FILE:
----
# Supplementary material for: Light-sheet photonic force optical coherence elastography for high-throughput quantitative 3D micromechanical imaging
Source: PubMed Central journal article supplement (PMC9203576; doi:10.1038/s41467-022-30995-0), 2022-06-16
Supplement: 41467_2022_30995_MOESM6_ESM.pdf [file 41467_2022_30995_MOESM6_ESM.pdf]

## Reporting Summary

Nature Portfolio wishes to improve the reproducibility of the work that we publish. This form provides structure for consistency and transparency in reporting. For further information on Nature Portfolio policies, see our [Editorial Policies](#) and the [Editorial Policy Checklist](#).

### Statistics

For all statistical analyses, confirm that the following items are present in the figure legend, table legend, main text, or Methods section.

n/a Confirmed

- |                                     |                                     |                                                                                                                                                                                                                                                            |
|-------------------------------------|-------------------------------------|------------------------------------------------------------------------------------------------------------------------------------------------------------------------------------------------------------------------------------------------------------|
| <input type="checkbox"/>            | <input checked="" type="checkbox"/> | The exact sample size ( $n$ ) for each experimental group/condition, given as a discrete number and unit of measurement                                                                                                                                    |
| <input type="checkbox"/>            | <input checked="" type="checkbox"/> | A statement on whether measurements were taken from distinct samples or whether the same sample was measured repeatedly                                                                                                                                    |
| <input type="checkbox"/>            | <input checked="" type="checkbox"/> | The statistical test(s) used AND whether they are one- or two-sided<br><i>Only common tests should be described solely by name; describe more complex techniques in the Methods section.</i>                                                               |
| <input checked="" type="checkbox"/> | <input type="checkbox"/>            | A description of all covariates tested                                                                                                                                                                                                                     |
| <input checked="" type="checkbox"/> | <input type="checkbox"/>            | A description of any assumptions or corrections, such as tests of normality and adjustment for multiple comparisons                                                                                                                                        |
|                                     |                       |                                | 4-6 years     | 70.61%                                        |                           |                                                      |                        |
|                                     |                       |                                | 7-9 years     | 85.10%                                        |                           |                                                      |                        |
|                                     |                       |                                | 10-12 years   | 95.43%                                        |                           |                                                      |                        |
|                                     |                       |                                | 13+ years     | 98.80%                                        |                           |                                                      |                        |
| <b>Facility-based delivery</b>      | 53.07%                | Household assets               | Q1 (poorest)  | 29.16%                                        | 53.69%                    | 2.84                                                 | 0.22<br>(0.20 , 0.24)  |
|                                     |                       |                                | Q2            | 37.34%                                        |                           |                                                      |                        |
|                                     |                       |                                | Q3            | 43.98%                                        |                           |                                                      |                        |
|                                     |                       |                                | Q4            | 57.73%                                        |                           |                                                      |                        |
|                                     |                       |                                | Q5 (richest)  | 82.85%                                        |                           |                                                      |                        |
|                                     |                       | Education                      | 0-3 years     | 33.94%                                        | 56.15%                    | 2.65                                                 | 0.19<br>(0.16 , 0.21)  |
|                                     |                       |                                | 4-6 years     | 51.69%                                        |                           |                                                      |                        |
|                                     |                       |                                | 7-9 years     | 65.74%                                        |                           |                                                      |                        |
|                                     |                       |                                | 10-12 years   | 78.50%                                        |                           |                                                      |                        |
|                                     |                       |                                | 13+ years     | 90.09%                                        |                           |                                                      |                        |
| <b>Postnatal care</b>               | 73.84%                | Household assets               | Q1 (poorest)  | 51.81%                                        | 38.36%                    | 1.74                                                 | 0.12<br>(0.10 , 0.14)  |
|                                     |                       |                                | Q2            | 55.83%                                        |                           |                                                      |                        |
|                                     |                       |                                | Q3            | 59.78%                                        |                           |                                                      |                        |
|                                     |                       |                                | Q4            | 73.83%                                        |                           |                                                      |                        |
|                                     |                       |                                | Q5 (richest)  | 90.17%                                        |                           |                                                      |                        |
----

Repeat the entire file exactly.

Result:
# Supplementary material for: Light-sheet photonic force optical coherence elastography for high-throughput quantitative 3D micromechanical imaging
Source: PubMed Central journal article supplement (PMC9203576; doi:10.1038/s41467-022-30995-0), 2022-06-16
Supplement: 41467_2022_30995_MOESM6_ESM.pdf [file 41467_2022_30995_MOESM6_ESM.pdf]

## Reporting Summary

Nature Portfolio wishes to improve the reproducibility of the work that we publish. This form provides structure for consistency and transparency in reporting. For further information on Nature Portfolio policies, see our [Editorial Policies](#) and the [Editorial Policy Checklist](#).

### Statistics

For all statistical analyses, confirm that the following items are present in the figure legend, table legend, main text, or Methods section.

n/a Confirmed

- |                                     |                                     |                                                                                                                                                                                                                                                            |
|-------------------------------------|-------------------------------------|------------------------------------------------------------------------------------------------------------------------------------------------------------------------------------------------------------------------------------------------------------|
| <input type="checkbox"/>            | <input checked="" type="checkbox"/> | The exact sample size ( $n$ ) for each experimental group/condition, given as a discrete number and unit of measurement                                                                                                                                    |
| <input type="checkbox"/>            | <input checked="" type="checkbox"/> | A statement on whether measurements were taken from distinct samples or whether the same sample was measured repeatedly                                                                                                                                    |
| <input type="checkbox"/>            | <input checked="" type="checkbox"/> | The statistical test(s) used AND whether they are one- or two-sided<br><i>Only common tests should be described solely by name; describe more complex techniques in the Methods section.</i>                                                               |
| <input checked="" type="checkbox"/> | <input type="checkbox"/>            | A description of all covariates tested                                                                                                                                                                                                                     |
| <input checked="" type="checkbox"/> | <input type="checkbox"/>            | A description of any assumptions or corrections, such as tests of normality and adjustment for multiple comparisons                                                                                                                                        |
|                                     |                       |                                | 4-6 years     | 70.61%                                        |                           |                                                      |                        |
|                                     |                       |                                | 7-9 years     | 85.10%                                        |                           |                                                      |                        |
|                                     |                       |                                | 10-12 years   | 95.43%                                        |                           |                                                      |                        |
|                                     |                       |                                | 13+ years     | 98.80%                                        |                           |                                                      |                        |
| <b>Facility-based delivery</b>      | 53.07%                | Household assets               | Q1 (poorest)  | 29.16%                                        | 53.69%                    | 2.84                                                 | 0.22<br>(0.20 , 0.24)  |
|                                     |                       |                                | Q2            | 37.34%                                        |                           |                                                      |                        |
|                                     |                       |                                | Q3            | 43.98%                                        |                           |                                                      |                        |
|                                     |                       |                                | Q4            | 57.73%                                        |                           |                                                      |                        |
|                                     |                       |                                | Q5 (richest)  | 82.85%                                        |                           |                                                      |                        |
|                                     |                       | Education                      | 0-3 years     | 33.94%                                        | 56.15%                    | 2.65                                                 | 0.19<br>(0.16 , 0.21)  |
|                                     |                       |                                | 4-6 years     | 51.69%                                        |                           |                                                      |                        |
|                                     |                       |                                | 7-9 years     | 65.74%                                        |                           |                                                      |                        |
|                                     |                       |                                | 10-12 years   | 78.50%                                        |                           |                                                      |                        |
|                                     |                       |                                | 13+ years     | 90.09%                                        |                           |                                                      |                        |
| <b>Postnatal care</b>               | 73.84%                | Household assets               | Q1 (poorest)  | 51.81%                                        | 38.36%                    | 1.74                                                 | 0.12<br>(0.10 , 0.14)  |
|                                     |                       |                                | Q2            | 55.83%                                        |                           |                                                      |                        |
|                                     |                       |                                | Q3            | 59.78%                                        |                           |                                                      |                        |
|                                     |                       |                                | Q4            | 73.83%                                        |                           |                                                      |                        |
|                                     |                       |                                | Q5 (richest)  | 90.17%                                        |                           |                                                      |                        |